sigurrosThe new album from Icelandic band Sigur Rós starts out on an unexpectedly sunny note, with “Gobbledigook” and “Inní mér syngur vitleysingur,” which, the first track (and first single) in particular, have a much poppier sound than I’ve ever heard from them. The rest of the album has a similarly lighter feel overall, and contains moments of quiet, sometimes melancholy beauty that can sometimes culminate in epic symphonic codas, as on tracks like “Festival” and “Ára Bátur,” the latter track done with a full orchestra and choir. Like M83’s recent release, Saturdays = Youth, Med Sud I Eyrum Vid Spilum Endalaust (translated by the band as “with a buzz in our ears we play endlessly”) seems a paean to youth and possibility, here symbolized by the promise of the summer season. It’s a beautiful album, poppy without being sweet or sentimental, epic without being melodramatic, a soundtrack to the summer you always hoped you would have. Highly recommended.


June 23, 2008

lifeforce“That girl was no girl.”

Lifeforce, the 1985 Tobe Hooper movie about a space vampire that wreaks havoc in London, is one of the most unhinged major Hollywood releases I’ve ever had the pleasure/bad luck to see. The story makes absolutely no sense, the dialogue is more often than not laughably bad (“Don’t worry. A naked girl is not going to get out of this complex.” “I’m here. Now can this madness end?”), and Steve Railsback, who was so good in The Stunt Man several years before this was released, gives one of the worst performances I’ve seen by a leading man. But then Railsback is having to play the lone survivor of an ill fated space shuttle mission who has a psychic bond with a space vampire girl named, according to the credits, Space Girl (Mathilda May, in a memorable film debut), who herself initially spends so much screen time naked that when she reappears in the movie walking the English countryside in what appears to be a garbage bag, a character observes, with some disappointment, perhaps, “Now she has clothes.” For a weird Alien/Dracula hybrid, it’s got an impressive roll call of talent: Hooper, who directed The Texas Chainsaw Massacre and Poltergeist, Dan O’Bannon, who wrote Alien, also wrote this screenplay, the special effects are by John Dykstra (Star Wars), and Henry Mancini did the musical score. So while Lifeforce is absurd and nonsensical and just plain bad in a lot of ways, it’s professionally made absurd, nonsensical badness. It’s also, and this accounts for why I’ve seen this movie multiple times, fast paced and wickedly entertaining, and because it doesn’t make any sense at all, it’s almost completely unpredictable. When I first saw this during its initial theatrical run, I literally had no idea what was going to happen from one scene to the next, as it’s a space vampire movie that starts out like Alien, and ends up, inexplicably, a zombie plague movie. But wow, is it wild fun to watch, and it’s played totally straight by a mostly English cast, which makes it all the better. Peter Firth is actually quite good as a British colonel (and “natural voyeur”) hot on the trail of Space Girl, Patrick Stewart shows up in time to get his first onscreen kiss from…Railsback, and Aubrey Morris plays a government official much in the same way one would play a pirate. I don’t usually recommend bad movies to people, because there’s plenty of good ones to see, but Lifeforce is such a nutty good time, it’s a must-see for science fiction and horror fans. For non-fans of those genres, you can adjust my rating down a monkey.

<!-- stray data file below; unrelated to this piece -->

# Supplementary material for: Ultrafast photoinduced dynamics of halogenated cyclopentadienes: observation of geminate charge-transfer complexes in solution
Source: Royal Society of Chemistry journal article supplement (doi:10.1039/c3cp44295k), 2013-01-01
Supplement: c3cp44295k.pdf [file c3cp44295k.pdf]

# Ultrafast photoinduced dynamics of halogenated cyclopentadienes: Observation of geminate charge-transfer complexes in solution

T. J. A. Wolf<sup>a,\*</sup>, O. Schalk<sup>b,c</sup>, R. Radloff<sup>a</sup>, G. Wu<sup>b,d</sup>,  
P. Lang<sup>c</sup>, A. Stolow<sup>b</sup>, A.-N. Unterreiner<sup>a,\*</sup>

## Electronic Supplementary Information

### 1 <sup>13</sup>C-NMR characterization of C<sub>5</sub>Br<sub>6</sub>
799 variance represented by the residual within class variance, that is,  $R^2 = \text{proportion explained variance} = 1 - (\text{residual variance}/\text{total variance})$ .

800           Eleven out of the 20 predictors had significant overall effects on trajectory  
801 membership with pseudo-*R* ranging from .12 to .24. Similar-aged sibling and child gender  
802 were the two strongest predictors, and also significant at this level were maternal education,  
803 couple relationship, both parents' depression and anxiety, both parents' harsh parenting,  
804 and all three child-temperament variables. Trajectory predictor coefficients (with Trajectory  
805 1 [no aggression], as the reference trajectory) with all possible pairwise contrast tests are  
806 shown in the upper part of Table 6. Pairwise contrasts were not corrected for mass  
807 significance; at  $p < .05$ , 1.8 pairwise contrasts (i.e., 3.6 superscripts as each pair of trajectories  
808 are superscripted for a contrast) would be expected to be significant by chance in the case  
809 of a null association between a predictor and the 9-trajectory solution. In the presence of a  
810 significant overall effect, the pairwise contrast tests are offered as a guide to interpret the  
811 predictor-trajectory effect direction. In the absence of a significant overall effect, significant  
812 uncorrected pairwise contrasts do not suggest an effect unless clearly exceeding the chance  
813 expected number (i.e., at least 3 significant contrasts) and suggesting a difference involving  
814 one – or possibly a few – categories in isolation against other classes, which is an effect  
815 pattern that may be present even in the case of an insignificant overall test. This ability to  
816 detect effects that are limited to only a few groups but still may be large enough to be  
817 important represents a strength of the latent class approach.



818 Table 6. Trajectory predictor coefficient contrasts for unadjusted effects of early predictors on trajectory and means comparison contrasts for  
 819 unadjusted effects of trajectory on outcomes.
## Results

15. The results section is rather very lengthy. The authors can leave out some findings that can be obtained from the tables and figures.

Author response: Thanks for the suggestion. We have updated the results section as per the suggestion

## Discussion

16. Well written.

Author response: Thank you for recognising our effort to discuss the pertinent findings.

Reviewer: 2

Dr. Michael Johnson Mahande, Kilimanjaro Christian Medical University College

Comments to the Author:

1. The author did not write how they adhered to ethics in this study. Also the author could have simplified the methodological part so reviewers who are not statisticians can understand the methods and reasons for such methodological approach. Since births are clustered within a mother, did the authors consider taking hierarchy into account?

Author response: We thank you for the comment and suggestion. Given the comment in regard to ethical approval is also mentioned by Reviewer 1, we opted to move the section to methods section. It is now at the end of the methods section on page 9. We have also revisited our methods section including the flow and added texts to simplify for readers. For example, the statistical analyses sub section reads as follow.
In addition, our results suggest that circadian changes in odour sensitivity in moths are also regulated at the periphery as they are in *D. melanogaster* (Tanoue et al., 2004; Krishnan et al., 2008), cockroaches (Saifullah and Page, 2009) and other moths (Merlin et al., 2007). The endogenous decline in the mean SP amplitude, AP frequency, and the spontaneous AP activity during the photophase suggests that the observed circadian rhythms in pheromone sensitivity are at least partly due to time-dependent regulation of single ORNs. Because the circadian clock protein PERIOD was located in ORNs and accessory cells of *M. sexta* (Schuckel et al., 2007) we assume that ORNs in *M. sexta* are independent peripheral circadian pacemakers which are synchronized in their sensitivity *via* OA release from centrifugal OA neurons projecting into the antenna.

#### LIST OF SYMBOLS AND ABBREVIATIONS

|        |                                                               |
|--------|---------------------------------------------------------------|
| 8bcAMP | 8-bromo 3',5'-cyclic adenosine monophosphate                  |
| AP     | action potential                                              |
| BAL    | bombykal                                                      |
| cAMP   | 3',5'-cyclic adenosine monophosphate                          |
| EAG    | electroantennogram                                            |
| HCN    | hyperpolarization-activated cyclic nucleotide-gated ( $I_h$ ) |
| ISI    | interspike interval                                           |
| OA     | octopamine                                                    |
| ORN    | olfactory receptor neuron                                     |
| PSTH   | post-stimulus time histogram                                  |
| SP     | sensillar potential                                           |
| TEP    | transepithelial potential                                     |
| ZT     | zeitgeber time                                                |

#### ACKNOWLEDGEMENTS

P.S. This is a review of the US theatrical cut, as I wanted to review the version of the movie I first saw in 1985. The international cut, which runs about 15 or so minutes longer, apparently makes somewhat more sense. There’s yet another cut of the movie that runs 12 minutes longer than that, Tobe Hooper’s own cut of the movie.

P.P.S. This review is also part of the Final Girl Film Club.


(For a brief explanation of the Monkey Review rating system, click here.)

bekindrewind“Our past belongs to us, we can change it if we want.”

Written and directed by Michel Gondry, Be Kind Rewind is an entertaining fable about movies and storytelling, in the guise of a screwball comedy. Be Kind Rewind revolves around a Passaic, New Jersey video store that still does VHS rentals, run out of a building on the verge of being condemned. When its owner (Danny Glover) goes out of town to attend a Fats Waller memorial, he leaves Mike (Mos Def), a young man he’s raised since he was a boy, in charge of his store. Things almost immediately go wrong when his best friend Jerry (Jack Black) has his head magnetized in a freak accident and manages to erase every tape in the video store. Mike’s solution? They’ll replace movies like Ghostbusters and Rush Hour 2 with their own homemade versions of them, complete with their own on the fly and often wildly creative special effects. After stumbling around a bit for half an hour or so, Be Kind Rewind‘s central story takes hold and the rest of the movie is mostly a pleasure, and frequently hilarious. A good deal of the credit goes to the cast, in particular Mos Def, Jack Black and Melonie Diaz who give charming, subtle performances. There’s no reason why Mos Def shouldn’t become a huge movie star, based on his work in this movie, and other movies like The Hitchhiker’s Guide to the Galaxy and The Woodsman. Mia Farrow also gives a lovely performance as a video store regular customer. The movie as a whole has some interesting and often profound things to say about the relationship between audiences and the movies they watch, and how history morphs into myth. Despite those serious undercurrents, Be Kind Rewind maintains a goofy, good natured surface right until its bittersweet final scenes. It’s certainly not a perfect film, but it’s just good and fun enough to merit a view.